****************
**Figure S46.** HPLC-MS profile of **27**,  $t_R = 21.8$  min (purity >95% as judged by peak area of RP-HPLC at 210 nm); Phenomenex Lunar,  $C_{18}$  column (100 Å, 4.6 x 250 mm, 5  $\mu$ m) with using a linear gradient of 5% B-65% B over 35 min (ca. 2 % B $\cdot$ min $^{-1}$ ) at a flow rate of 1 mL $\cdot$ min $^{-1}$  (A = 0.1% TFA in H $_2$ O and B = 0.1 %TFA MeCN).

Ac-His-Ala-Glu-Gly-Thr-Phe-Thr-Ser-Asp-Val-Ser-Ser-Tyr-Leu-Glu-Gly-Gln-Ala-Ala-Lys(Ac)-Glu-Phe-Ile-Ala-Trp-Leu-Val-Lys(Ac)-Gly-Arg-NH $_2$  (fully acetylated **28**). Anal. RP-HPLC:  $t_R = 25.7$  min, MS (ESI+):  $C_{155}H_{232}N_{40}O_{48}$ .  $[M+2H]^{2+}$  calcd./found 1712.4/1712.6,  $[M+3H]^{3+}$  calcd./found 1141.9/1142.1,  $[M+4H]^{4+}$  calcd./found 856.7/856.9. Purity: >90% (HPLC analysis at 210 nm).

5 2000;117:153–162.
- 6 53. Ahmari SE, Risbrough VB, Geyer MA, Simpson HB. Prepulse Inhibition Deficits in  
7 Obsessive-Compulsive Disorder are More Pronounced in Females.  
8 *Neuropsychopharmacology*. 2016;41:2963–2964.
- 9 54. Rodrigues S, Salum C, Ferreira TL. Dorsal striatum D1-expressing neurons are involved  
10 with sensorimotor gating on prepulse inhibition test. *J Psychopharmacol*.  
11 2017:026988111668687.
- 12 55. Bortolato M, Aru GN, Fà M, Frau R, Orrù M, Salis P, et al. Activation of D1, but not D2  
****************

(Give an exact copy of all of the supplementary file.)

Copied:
**Figure S46.** HPLC-MS profile of **27**,  $t_R = 21.8$  min (purity >95% as judged by peak area of RP-HPLC at 210 nm); Phenomenex Lunar,  $C_{18}$  column (100 Å, 4.6 x 250 mm, 5  $\mu$ m) with using a linear gradient of 5% B-65% B over 35 min (ca. 2 % B $\cdot$ min $^{-1}$ ) at a flow rate of 1 mL $\cdot$ min $^{-1}$  (A = 0.1% TFA in H $_2$ O and B = 0.1 %TFA MeCN).

Ac-His-Ala-Glu-Gly-Thr-Phe-Thr-Ser-Asp-Val-Ser-Ser-Tyr-Leu-Glu-Gly-Gln-Ala-Ala-Lys(Ac)-Glu-Phe-Ile-Ala-Trp-Leu-Val-Lys(Ac)-Gly-Arg-NH $_2$  (fully acetylated **28**). Anal. RP-HPLC:  $t_R = 25.7$  min, MS (ESI+):  $C_{155}H_{232}N_{40}O_{48}$ .  $[M+2H]^{2+}$  calcd./found 1712.4/1712.6,  $[M+3H]^{3+}$  calcd./found 1141.9/1142.1,  $[M+4H]^{4+}$  calcd./found 856.7/856.9. Purity: >90% (HPLC analysis at 210 nm).

5 2000;117:153–162.
- 6 53. Ahmari SE, Risbrough VB, Geyer MA, Simpson HB. Prepulse Inhibition Deficits in  
7 Obsessive-Compulsive Disorder are More Pronounced in Females.  
8 *Neuropsychopharmacology*. 2016;41:2963–2964.
- 9 54. Rodrigues S, Salum C, Ferreira TL. Dorsal striatum D1-expressing neurons are involved  
10 with sensorimotor gating on prepulse inhibition test. *J Psychopharmacol*.  
11 2017:026988111668687.
- 12 55. Bortolato M, Aru GN, Fà M, Frau R, Orrù M, Salis P, et al. Activation of D1, but not D2  